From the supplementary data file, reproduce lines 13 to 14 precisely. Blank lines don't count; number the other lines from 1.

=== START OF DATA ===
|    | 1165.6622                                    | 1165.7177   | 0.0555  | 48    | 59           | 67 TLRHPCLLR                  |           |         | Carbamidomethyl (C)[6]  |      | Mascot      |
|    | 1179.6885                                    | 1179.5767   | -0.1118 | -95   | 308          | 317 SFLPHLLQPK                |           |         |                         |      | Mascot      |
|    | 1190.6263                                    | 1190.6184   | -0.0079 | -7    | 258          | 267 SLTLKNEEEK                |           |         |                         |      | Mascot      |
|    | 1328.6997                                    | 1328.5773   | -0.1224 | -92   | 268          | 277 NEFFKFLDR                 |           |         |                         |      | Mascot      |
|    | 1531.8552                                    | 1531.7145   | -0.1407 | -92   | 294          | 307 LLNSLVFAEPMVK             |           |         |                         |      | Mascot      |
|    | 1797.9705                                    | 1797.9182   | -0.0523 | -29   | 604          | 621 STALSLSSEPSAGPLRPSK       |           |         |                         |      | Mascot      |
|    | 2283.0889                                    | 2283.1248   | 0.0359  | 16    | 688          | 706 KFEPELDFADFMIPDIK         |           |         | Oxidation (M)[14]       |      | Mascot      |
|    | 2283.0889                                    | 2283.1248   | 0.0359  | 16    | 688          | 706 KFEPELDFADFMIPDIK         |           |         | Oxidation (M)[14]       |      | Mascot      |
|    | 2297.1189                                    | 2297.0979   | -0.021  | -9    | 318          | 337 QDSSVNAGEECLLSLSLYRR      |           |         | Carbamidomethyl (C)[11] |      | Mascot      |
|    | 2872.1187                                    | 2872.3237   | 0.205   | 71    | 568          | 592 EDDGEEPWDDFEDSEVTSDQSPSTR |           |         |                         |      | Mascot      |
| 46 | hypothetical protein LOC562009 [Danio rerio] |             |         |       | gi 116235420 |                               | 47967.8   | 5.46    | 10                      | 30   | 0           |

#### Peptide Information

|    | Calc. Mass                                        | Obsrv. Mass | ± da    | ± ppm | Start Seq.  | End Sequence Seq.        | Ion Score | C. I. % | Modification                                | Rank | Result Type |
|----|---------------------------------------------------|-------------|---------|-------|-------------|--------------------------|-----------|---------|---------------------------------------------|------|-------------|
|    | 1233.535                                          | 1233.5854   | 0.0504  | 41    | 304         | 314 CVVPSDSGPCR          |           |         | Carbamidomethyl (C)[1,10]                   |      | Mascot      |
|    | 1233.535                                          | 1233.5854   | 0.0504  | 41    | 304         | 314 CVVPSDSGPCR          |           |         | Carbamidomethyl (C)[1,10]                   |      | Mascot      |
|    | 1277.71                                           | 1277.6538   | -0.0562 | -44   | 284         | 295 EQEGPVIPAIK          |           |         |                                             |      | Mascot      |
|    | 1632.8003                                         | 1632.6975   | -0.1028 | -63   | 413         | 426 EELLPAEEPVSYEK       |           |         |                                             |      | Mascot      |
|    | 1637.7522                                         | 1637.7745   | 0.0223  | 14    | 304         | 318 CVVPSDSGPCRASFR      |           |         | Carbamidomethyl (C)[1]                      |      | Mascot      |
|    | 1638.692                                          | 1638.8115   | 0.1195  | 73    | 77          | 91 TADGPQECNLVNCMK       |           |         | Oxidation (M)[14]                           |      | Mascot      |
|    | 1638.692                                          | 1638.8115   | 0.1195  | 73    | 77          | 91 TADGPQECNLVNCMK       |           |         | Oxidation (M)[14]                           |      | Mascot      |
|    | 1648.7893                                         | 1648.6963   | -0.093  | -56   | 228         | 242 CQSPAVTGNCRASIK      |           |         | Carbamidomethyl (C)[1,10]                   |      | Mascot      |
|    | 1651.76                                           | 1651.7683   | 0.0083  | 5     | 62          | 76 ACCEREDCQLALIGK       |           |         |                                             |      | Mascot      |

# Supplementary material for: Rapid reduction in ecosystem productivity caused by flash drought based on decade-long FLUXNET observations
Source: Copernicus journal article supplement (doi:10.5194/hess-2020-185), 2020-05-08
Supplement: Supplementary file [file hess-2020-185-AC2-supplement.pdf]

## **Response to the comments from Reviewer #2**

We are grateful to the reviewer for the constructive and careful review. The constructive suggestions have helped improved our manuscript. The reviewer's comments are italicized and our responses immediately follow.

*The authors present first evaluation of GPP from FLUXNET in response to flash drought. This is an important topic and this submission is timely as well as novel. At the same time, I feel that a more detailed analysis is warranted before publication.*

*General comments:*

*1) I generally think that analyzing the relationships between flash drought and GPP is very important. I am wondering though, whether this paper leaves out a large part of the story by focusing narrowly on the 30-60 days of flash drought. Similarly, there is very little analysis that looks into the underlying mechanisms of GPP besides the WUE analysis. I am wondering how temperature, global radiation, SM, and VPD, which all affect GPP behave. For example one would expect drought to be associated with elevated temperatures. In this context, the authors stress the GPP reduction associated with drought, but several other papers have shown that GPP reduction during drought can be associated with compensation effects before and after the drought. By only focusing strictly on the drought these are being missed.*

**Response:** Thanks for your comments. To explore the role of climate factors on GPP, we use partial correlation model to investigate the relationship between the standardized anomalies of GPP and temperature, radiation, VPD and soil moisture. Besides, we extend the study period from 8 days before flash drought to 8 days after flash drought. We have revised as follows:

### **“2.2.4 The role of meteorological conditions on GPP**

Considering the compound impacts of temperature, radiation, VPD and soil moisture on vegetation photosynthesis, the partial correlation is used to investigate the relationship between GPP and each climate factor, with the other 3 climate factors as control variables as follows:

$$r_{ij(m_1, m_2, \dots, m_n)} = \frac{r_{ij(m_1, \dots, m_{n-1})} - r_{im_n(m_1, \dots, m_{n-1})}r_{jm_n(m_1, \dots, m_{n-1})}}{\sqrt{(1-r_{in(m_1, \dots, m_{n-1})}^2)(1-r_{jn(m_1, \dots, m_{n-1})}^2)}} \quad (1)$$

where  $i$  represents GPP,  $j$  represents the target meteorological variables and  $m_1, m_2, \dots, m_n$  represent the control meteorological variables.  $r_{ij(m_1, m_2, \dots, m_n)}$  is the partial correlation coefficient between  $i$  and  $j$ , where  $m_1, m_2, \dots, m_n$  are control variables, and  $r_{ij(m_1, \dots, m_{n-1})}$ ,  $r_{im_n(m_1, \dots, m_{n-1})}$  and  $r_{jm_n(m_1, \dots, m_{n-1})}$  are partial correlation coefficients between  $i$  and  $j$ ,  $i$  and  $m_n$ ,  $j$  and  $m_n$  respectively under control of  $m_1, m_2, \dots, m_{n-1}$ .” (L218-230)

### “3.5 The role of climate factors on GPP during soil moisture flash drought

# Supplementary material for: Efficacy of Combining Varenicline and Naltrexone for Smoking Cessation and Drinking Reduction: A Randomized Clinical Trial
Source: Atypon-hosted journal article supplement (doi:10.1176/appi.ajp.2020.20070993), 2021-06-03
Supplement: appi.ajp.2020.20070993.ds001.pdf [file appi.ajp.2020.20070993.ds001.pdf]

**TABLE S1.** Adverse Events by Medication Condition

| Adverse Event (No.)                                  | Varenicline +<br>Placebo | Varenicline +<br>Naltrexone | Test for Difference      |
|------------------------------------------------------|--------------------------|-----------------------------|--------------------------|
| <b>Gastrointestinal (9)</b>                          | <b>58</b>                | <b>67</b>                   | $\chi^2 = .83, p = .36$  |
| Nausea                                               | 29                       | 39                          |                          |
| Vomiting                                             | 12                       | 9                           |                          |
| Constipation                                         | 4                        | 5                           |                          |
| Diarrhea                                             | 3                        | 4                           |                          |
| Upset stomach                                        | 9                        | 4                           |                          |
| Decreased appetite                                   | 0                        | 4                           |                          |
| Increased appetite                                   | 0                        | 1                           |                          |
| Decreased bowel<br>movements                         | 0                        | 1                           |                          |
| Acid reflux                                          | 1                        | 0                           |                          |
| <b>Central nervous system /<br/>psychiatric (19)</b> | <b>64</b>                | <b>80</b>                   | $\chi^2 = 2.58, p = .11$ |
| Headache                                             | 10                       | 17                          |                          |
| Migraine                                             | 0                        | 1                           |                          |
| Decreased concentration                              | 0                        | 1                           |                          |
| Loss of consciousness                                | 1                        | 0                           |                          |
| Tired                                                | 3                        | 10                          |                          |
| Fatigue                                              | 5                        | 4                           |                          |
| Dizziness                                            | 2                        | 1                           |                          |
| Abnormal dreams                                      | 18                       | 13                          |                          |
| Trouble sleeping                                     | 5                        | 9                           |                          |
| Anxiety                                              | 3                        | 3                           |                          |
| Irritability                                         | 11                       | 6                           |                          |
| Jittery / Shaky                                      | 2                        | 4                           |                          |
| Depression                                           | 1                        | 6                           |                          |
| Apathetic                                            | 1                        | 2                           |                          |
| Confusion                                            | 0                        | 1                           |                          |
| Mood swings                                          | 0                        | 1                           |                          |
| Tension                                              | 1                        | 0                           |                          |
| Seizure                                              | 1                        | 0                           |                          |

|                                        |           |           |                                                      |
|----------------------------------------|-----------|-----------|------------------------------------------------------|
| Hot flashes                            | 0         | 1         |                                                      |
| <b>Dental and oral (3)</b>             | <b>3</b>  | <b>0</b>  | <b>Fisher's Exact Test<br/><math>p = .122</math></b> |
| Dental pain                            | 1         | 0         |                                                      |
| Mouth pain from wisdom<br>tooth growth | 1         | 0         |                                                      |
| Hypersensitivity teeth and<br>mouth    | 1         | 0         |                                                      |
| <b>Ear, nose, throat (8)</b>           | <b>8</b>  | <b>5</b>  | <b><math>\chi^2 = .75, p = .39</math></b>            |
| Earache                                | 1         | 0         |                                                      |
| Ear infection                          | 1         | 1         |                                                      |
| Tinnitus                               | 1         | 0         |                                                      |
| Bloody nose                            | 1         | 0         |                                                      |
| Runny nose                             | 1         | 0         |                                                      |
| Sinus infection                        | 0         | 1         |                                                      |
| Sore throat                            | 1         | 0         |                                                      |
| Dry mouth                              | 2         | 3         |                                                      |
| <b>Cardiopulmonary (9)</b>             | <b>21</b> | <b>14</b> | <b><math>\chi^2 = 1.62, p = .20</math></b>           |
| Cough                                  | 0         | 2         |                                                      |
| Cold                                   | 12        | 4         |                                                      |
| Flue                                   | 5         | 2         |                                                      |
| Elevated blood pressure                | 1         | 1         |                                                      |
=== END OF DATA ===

|    | Calc. Mass                                        | Obsrv. Mass | ± da    | ± ppm | Start Seq.  | End Sequence Seq.        | Ion Score | C. I. % | Modification                                | Rank | Result Type |
|----|---------------------------------------------------|-------------|---------|-------|-------------|--------------------------|-----------|---------|---------------------------------------------|------|-------------|